Away games in European competition are perhaps not the best place to throw caution to the wind and a steady, successful start to the group stage is essential to take some of the pressure off, as the season hots up. Guardiola only has to look back to the fateful season when City last played Dutch opposition to see how the club sank after a poor start. There was no coming back from the single point haul from the two Ajax games and City were eliminated at the group stage.

So the bejewelled story of Pep Guardiola and the Champions League starts another chapter. 25 years on from his glorious introduction as a young Barcelona player in the season the club finally won the tournament for the first time, it is perhaps time for the Catalan to add another personal milestone in his close relationship with the trophy. As far as City’s relationship with the Champions League goes, another tilt at the latter stages seems overdue. The long glittering road to Kiev begins this week at the coalface in Rotterdam.
1993-94 Pre-season friendly at Eastlands: City 2-4 Feyenoord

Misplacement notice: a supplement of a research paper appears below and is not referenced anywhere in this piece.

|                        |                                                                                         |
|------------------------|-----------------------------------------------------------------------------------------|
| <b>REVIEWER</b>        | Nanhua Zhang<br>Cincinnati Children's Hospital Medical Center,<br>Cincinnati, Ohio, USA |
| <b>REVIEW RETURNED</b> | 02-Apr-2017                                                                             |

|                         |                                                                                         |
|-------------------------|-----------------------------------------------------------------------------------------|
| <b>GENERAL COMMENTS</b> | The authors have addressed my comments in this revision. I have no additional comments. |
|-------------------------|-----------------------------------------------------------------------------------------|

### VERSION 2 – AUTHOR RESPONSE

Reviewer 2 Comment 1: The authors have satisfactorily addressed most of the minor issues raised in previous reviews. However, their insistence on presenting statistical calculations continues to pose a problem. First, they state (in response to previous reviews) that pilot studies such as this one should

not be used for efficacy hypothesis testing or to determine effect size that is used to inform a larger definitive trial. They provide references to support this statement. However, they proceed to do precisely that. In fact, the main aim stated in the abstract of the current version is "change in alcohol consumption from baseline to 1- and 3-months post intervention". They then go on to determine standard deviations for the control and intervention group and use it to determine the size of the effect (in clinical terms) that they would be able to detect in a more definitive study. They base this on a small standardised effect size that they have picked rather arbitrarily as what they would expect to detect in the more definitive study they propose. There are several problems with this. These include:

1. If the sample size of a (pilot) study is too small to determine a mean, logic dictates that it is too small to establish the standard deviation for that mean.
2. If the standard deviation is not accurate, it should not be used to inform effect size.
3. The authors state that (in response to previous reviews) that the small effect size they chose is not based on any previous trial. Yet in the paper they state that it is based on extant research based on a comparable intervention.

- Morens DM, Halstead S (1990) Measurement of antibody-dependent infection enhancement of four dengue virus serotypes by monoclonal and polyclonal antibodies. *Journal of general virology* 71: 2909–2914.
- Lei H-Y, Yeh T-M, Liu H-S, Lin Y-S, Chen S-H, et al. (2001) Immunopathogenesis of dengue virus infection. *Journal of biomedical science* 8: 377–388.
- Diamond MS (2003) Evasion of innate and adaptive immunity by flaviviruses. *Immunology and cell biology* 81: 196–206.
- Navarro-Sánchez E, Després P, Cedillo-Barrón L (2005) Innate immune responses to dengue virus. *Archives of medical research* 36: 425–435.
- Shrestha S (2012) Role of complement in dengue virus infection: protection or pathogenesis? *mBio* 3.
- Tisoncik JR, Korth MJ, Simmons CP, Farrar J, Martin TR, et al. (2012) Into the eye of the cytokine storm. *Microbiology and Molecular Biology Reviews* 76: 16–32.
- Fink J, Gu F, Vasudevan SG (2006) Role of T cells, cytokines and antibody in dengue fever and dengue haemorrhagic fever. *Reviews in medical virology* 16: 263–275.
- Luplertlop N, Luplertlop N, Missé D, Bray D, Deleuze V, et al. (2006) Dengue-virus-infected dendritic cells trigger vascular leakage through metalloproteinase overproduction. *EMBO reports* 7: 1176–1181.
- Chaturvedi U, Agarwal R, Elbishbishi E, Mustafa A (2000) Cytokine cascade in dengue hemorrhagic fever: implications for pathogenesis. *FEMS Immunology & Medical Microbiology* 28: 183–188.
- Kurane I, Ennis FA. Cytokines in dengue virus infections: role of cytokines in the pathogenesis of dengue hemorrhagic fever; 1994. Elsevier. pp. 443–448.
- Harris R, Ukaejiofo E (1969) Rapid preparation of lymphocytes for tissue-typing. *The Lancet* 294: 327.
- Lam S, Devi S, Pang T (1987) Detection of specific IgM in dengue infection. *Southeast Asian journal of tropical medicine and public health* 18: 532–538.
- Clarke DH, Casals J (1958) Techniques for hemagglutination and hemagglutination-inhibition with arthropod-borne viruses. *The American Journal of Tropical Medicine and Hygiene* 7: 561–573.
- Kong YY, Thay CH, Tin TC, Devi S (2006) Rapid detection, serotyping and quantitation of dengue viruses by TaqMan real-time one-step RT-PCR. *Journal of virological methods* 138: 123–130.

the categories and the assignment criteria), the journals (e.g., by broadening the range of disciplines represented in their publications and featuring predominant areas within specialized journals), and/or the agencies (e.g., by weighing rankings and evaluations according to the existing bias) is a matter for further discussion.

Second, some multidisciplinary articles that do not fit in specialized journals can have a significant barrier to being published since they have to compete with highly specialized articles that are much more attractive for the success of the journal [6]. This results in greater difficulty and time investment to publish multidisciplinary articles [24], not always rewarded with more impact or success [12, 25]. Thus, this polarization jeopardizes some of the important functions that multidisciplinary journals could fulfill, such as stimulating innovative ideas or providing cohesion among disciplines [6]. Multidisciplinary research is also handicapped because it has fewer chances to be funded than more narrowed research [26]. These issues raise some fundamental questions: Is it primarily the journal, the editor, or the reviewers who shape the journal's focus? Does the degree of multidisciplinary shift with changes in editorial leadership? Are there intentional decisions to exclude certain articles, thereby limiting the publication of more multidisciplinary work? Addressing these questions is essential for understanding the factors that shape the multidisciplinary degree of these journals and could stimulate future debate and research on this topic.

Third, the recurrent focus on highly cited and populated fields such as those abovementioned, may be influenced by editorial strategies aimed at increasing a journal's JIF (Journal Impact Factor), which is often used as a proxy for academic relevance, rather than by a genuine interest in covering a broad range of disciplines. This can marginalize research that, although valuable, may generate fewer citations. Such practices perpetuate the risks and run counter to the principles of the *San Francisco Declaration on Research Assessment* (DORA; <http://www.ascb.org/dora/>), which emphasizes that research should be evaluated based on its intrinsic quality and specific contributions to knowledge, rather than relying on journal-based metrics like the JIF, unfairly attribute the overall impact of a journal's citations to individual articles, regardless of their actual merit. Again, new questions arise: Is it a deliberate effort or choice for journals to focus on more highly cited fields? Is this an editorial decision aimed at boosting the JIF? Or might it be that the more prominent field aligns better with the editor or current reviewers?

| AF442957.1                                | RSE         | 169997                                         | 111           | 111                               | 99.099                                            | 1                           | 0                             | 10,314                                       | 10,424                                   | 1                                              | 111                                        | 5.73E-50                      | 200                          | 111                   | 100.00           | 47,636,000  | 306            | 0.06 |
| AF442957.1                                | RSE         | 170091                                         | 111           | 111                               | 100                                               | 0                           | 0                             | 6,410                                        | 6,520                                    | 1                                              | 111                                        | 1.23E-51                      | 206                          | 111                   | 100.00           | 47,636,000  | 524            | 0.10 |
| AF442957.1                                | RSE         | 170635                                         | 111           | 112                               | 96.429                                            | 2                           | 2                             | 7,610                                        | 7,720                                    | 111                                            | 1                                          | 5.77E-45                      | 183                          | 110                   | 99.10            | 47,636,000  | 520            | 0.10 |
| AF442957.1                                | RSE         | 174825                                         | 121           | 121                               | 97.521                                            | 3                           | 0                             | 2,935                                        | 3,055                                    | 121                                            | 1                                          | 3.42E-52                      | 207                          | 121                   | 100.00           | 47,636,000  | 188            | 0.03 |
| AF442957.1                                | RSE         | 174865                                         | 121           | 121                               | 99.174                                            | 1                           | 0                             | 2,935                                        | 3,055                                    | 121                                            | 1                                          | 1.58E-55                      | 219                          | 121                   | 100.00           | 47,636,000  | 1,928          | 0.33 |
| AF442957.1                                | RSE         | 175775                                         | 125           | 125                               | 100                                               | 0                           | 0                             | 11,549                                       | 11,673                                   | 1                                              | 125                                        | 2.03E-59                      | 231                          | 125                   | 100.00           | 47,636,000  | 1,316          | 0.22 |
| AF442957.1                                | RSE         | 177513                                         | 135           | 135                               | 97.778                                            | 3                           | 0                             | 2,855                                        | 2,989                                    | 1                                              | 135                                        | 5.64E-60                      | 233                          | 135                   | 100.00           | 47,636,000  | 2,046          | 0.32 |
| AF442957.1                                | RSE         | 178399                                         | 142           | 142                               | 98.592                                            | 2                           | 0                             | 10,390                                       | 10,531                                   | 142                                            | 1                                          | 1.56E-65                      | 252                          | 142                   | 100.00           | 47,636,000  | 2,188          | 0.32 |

2003-04 Pre-season friendly in Aarhus, Denmark: City 2-1 Feyenoord

Friday, September 8, 2017


Brian Clough, Alex Ferguson and Arsene Wenger were each convinced that a good goalkeeper ---Peter Shilton, Peter Schmeichel and David Seaman at their respective title winning Nottingham Forest, Manchester United and Arsenal sides  -- could save their sides between 10 and 15 points a season.

As City prepare to face Liverpool this weekend, the long history of goalkeepers, good and bad, that has wrapped itself around these two clubs, may make this old saying even more poignant.  In City’s case, the big question is: have they finally found the man, who can do for them exactly what Messrs Schmeichel, Seaman and Shilton did before him and be a deciding factor in the Premier League title returning to the Etihad for a third time in seven years?

After all, the afore-mentioned 15 points that those managers believed a proper keeper could save them represent the exact difference between City and title winners Chelsea last season.